This solution has a similar limitation as SPF records: it requires that everyone who has a domain configures a DMARC record. What's more, DMARC records are much newer and thus have much lower adoption when compared with SPF. Regardless, DMARC remains the best method of blocking Content-From spoofing emails.
Problem: The most recent type of spoofing, From-name spoofing, arose due to the growing adoption of SPF and DMARC records. Spammers have started spoofing the From-name without even spoofing the SMTP-From or Content-From addresses. From-Name Spoofing (sometimes also called Whaling, BEC compromise, CEO Fraud, or CEO Scams) is especially hard to block since many modern email clients only display a sender's name.
Solution: There is currently no globally available "best way" of blocking From-name spoofing. This is because there is currently no SPF or DMARC equivalent which ties a person's name to their domain name.
With that being said, we have developed a specialized module in order to reliably block these kinds of attacks. The Spearphishing Module (see Related Articles) is available to all our clients and is ready to be configured to block from-name spoofing emails.
How We Block Spoofed Emails
We offer two layers of detection against spearphishing and spoofed emails.
Based on the analysis of thousands of spearphishing samples, we have implemented filters that effectively block most attacks based on the following factors:
- Basic authentication verifications: SPF, DKIM and DMARC.
- The correspondence between the declared sending address, the real sending address, and the reply to address.
- The lexical distance between the to and from domains (ie.: lexicographical distance).
- The validity of the sending domain.
- The presence of text related to money transfers or exportation of sensitive information.
These filters are constantly updated as new threats and operating schemes appear. These spearphishing detection capabilities are built-in and automatically apply to all clients.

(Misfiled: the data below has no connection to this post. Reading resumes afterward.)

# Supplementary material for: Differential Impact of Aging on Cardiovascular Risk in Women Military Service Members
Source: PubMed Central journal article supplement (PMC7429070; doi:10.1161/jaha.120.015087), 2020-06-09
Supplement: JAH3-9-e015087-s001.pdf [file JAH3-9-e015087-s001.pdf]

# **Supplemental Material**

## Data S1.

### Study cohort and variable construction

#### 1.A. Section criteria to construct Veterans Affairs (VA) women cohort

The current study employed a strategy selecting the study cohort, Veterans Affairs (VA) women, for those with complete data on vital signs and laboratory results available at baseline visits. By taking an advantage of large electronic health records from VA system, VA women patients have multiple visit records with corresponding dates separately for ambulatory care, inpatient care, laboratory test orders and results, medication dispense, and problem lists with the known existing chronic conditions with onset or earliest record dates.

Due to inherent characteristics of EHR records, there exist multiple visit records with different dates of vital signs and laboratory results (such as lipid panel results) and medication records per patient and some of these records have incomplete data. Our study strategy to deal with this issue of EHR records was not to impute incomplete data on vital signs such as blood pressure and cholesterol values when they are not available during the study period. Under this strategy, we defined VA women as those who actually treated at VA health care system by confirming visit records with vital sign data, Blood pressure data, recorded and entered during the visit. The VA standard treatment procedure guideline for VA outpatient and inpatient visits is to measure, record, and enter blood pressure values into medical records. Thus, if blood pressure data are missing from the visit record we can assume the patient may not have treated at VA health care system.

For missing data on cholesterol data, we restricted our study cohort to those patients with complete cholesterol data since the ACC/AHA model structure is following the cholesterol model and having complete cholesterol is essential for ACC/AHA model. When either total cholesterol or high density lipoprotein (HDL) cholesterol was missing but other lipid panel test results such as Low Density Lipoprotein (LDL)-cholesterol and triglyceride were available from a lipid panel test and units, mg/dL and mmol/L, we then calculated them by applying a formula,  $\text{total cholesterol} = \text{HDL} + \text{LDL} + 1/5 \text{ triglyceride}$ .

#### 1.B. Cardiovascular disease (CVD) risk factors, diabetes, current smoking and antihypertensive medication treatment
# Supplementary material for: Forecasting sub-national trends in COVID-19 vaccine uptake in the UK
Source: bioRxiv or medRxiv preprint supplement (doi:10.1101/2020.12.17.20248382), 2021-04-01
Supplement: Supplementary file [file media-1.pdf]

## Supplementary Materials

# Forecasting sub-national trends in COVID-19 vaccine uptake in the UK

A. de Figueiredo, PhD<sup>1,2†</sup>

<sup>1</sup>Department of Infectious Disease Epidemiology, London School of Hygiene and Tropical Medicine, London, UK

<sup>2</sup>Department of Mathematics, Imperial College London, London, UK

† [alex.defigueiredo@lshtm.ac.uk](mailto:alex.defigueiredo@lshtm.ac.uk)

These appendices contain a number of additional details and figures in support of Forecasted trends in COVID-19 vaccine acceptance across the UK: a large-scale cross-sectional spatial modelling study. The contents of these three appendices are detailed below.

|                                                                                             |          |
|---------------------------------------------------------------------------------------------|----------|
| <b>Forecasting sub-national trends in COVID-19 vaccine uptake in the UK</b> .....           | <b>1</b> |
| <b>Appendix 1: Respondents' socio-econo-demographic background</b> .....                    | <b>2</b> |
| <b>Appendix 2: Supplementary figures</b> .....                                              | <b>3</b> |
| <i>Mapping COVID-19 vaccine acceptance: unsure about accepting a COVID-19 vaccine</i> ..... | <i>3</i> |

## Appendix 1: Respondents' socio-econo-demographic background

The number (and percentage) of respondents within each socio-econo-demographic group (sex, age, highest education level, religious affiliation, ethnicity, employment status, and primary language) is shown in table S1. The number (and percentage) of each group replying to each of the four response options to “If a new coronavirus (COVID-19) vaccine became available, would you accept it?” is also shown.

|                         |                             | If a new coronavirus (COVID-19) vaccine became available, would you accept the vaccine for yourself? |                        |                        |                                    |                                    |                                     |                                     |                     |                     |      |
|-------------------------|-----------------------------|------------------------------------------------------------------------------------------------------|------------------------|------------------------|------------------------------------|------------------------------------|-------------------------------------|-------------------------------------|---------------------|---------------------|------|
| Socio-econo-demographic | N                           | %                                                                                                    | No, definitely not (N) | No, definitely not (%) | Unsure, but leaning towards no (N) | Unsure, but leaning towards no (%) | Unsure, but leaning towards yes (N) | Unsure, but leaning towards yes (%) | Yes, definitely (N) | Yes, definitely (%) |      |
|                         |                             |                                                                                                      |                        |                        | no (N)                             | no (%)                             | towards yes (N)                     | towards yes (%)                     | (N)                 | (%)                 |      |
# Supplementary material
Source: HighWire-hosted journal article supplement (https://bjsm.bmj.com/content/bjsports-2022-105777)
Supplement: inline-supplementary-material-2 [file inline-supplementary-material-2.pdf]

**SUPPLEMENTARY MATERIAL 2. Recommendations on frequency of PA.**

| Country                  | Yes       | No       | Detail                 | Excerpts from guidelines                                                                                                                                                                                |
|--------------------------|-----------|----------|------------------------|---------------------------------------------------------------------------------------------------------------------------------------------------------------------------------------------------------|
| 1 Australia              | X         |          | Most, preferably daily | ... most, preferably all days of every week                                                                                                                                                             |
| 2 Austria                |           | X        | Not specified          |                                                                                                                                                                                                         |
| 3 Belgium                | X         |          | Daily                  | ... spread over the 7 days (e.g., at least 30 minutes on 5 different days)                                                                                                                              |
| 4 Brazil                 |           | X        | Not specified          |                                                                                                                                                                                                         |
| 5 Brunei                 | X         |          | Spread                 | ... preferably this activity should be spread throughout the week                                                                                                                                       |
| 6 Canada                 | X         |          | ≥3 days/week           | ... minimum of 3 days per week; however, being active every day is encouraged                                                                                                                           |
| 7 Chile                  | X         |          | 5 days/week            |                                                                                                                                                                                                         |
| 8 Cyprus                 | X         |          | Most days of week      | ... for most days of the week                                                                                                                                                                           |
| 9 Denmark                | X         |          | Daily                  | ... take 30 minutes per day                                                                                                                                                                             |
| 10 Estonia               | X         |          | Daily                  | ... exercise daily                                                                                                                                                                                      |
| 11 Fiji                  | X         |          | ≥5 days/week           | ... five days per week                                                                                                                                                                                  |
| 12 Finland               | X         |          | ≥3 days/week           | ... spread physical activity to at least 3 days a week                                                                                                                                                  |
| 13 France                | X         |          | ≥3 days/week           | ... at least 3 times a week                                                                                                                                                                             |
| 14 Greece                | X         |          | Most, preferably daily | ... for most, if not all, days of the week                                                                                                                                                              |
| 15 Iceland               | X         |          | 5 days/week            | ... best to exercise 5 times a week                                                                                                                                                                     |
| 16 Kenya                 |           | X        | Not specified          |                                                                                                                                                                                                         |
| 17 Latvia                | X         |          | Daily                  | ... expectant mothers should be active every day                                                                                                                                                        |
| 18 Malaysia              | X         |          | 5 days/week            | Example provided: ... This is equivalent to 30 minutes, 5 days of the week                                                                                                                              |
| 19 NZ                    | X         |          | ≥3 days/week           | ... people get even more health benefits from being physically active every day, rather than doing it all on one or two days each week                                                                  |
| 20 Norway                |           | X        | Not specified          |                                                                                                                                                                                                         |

In a typical spearphishing attack, spammers impersonate a C-level executive who has the authority to request wire transfers or the release of confidential information. Only a handful of people would have this power in any given organization. When these people send such requests to members of their team, it would normally be an internal email (messages from a sender in your organization to a recipient in your organization). Internal messages are not routed through the Internet, so they don’t go through our filters. A spearphishing email would come from the Internet and would appear to come from a very specific person within the organization. The spearphishing module builds on this idea to block purporting to come from these sensitive senders in your organization.
The spearphishing module is an optional component of our filtering architecture that can be used at no additional cost and that does not interact with our basic spearphishing detection rules. If the spearphishing module is activated and fails to recognize a spearphishing message, that message can still be blocked by our generic spearphishing detection rules. The module greatly increases our spearphishing detection power by concentrating on the most incriminating elements of such messages: the From-name. You can learn how to configure our spearphishing module by viewing the Related Articles.